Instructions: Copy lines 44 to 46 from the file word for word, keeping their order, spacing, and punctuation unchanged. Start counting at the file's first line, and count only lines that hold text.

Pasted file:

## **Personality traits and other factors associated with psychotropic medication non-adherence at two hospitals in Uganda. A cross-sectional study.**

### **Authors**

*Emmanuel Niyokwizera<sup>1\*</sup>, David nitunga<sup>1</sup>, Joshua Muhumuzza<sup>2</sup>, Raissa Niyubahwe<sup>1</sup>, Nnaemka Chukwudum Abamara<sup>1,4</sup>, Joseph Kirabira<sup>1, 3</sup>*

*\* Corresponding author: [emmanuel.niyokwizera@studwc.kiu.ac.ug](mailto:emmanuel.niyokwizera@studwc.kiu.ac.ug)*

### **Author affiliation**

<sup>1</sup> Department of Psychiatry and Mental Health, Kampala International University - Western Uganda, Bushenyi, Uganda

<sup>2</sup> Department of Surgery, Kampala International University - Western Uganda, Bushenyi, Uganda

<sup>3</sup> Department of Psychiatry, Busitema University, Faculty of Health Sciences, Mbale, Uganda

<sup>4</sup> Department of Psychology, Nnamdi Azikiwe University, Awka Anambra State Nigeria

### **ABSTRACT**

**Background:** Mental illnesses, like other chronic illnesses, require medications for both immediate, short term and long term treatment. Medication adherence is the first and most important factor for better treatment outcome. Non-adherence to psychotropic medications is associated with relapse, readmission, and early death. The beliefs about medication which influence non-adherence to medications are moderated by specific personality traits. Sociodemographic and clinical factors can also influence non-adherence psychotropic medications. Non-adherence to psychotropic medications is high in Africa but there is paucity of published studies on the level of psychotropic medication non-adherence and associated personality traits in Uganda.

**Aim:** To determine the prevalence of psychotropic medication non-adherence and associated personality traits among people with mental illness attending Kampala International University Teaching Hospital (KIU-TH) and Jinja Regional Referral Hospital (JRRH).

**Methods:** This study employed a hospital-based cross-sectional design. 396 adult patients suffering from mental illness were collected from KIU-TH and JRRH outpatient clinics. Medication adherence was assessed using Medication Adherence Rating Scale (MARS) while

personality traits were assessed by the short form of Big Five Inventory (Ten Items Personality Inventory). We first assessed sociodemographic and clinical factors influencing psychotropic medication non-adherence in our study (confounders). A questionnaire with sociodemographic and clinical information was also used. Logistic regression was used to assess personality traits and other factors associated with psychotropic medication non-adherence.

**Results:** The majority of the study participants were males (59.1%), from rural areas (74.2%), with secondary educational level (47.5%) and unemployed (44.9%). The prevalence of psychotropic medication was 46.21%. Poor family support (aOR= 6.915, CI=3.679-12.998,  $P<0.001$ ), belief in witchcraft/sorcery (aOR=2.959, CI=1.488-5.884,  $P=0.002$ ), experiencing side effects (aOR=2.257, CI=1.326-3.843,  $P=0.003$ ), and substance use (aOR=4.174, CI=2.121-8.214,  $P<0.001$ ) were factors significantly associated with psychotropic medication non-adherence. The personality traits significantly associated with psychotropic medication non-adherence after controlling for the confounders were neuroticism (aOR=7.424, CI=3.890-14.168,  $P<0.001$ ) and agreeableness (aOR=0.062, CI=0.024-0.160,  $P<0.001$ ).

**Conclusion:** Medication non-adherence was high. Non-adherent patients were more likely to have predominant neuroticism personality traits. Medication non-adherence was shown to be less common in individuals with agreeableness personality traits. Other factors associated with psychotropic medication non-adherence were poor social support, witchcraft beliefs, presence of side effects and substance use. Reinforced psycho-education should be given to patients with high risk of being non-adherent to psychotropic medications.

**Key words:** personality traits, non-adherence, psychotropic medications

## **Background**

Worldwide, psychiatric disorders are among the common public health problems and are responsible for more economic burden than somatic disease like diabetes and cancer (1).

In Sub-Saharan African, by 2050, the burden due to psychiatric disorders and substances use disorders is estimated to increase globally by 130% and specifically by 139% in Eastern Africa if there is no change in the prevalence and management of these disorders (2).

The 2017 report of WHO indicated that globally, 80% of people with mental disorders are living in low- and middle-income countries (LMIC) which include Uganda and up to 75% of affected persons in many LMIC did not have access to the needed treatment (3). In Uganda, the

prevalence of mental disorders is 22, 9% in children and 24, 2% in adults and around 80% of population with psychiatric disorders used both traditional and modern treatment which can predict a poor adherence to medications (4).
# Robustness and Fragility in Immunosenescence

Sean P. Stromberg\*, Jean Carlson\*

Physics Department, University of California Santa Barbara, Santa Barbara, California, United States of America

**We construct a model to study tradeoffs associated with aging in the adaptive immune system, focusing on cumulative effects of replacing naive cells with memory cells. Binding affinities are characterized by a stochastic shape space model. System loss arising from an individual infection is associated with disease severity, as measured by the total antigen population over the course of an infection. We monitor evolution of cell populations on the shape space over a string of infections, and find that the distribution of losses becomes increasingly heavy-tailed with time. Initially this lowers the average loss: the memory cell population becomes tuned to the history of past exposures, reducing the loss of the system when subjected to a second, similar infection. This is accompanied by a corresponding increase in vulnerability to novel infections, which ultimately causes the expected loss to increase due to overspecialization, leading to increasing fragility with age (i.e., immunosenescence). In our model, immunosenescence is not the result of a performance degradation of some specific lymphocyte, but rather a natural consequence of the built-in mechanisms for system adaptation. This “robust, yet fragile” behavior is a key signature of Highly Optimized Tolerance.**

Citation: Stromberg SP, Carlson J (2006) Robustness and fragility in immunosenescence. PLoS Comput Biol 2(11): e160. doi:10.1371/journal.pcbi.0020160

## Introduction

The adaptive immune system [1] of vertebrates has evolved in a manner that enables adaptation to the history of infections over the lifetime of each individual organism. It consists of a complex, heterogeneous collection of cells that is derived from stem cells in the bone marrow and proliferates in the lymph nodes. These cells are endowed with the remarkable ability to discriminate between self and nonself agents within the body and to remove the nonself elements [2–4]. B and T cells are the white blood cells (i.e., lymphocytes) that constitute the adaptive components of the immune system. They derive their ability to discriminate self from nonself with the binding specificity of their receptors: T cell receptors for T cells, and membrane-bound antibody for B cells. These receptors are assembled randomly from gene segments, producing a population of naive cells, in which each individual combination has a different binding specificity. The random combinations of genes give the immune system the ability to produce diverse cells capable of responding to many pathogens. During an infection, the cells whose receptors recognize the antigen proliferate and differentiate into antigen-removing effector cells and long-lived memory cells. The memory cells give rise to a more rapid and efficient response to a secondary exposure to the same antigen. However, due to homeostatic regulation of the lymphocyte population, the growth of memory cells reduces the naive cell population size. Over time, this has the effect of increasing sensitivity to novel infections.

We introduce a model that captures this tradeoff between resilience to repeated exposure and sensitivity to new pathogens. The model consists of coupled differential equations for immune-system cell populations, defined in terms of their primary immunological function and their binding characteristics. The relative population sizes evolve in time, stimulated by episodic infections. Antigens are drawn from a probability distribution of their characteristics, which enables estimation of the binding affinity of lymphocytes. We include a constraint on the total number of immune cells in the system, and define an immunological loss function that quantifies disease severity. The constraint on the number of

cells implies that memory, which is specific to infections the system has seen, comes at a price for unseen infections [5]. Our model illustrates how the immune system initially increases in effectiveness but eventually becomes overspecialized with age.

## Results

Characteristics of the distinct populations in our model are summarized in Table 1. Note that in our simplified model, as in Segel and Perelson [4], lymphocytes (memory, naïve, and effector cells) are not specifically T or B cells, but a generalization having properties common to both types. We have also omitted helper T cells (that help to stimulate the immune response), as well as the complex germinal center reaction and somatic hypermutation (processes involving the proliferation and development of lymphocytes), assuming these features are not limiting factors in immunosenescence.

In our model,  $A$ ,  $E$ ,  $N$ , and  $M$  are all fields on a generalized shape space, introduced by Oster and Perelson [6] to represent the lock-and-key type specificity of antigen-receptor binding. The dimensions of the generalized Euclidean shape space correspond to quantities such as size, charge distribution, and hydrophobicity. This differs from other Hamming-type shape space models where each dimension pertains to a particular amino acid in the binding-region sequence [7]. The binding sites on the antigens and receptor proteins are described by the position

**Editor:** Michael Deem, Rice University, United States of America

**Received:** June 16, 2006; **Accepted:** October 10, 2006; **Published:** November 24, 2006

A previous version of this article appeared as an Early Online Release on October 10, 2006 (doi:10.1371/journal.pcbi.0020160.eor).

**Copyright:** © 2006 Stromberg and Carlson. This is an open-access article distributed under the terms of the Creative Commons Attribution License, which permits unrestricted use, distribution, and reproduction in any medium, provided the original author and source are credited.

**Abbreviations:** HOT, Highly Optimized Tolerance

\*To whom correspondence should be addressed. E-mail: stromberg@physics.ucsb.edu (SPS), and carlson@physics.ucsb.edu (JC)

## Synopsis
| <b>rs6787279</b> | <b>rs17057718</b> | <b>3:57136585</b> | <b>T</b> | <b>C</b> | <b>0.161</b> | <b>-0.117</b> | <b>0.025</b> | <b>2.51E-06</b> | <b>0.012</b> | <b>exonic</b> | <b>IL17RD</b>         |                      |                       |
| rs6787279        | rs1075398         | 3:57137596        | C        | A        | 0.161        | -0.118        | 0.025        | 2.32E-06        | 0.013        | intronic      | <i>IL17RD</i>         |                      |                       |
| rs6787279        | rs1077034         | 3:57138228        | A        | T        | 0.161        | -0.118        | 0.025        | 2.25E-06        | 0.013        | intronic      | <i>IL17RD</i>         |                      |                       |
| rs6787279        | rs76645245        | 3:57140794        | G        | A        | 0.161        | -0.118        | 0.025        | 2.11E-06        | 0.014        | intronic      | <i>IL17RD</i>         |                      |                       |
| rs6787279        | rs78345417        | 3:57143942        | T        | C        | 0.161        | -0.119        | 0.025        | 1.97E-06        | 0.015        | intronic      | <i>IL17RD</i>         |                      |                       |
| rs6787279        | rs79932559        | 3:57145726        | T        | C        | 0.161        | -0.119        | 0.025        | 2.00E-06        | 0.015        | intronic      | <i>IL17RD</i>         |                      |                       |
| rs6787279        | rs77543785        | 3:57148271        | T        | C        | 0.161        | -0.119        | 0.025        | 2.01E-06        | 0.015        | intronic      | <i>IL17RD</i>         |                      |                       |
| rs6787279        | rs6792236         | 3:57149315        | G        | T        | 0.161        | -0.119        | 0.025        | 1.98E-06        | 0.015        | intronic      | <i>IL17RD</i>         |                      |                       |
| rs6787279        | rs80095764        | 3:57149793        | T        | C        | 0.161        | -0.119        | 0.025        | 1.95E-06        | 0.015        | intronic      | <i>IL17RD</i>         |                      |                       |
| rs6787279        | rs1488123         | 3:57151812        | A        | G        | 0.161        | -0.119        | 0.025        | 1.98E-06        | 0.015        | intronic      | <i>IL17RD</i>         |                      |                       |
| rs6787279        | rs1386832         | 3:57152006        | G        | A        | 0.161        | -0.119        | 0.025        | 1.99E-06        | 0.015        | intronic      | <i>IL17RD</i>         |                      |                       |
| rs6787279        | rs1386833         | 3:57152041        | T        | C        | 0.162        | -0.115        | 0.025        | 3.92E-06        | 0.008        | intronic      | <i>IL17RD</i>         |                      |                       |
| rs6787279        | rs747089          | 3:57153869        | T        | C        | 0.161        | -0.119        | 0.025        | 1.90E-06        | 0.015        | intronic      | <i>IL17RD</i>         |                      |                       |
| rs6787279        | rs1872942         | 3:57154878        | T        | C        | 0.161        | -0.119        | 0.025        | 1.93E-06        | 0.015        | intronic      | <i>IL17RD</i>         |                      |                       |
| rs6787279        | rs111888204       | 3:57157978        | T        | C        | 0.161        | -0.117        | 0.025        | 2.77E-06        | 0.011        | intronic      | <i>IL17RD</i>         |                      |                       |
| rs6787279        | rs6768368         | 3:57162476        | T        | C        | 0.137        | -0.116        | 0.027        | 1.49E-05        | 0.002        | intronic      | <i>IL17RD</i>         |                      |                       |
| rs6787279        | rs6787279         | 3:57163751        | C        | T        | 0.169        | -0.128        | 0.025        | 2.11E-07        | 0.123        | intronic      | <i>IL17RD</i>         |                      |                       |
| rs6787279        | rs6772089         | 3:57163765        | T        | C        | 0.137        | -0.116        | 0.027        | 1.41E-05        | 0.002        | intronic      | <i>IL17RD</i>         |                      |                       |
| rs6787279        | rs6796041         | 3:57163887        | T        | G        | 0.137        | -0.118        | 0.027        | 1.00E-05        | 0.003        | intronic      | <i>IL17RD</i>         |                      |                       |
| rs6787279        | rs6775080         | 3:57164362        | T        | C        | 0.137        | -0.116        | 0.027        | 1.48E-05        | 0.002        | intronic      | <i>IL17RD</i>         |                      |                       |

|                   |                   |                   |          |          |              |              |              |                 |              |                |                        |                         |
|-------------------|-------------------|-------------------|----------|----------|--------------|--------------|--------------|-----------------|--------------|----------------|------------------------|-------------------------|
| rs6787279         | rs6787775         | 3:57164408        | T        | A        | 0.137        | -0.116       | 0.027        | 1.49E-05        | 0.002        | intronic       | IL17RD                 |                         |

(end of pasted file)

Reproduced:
| rs6787279        | rs1077034         | 3:57138228        | A        | T        | 0.161        | -0.118        | 0.025        | 2.25E-06        | 0.013        | intronic      | <i>IL17RD</i>         |                      |                       |
| rs6787279        | rs76645245        | 3:57140794        | G        | A        | 0.161        | -0.118        | 0.025        | 2.11E-06        | 0.014        | intronic      | <i>IL17RD</i>         |                      |                       |
| rs6787279        | rs78345417        | 3:57143942        | T        | C        | 0.161        | -0.119        | 0.025        | 1.97E-06        | 0.015        | intronic      | <i>IL17RD</i>         |                      |                       |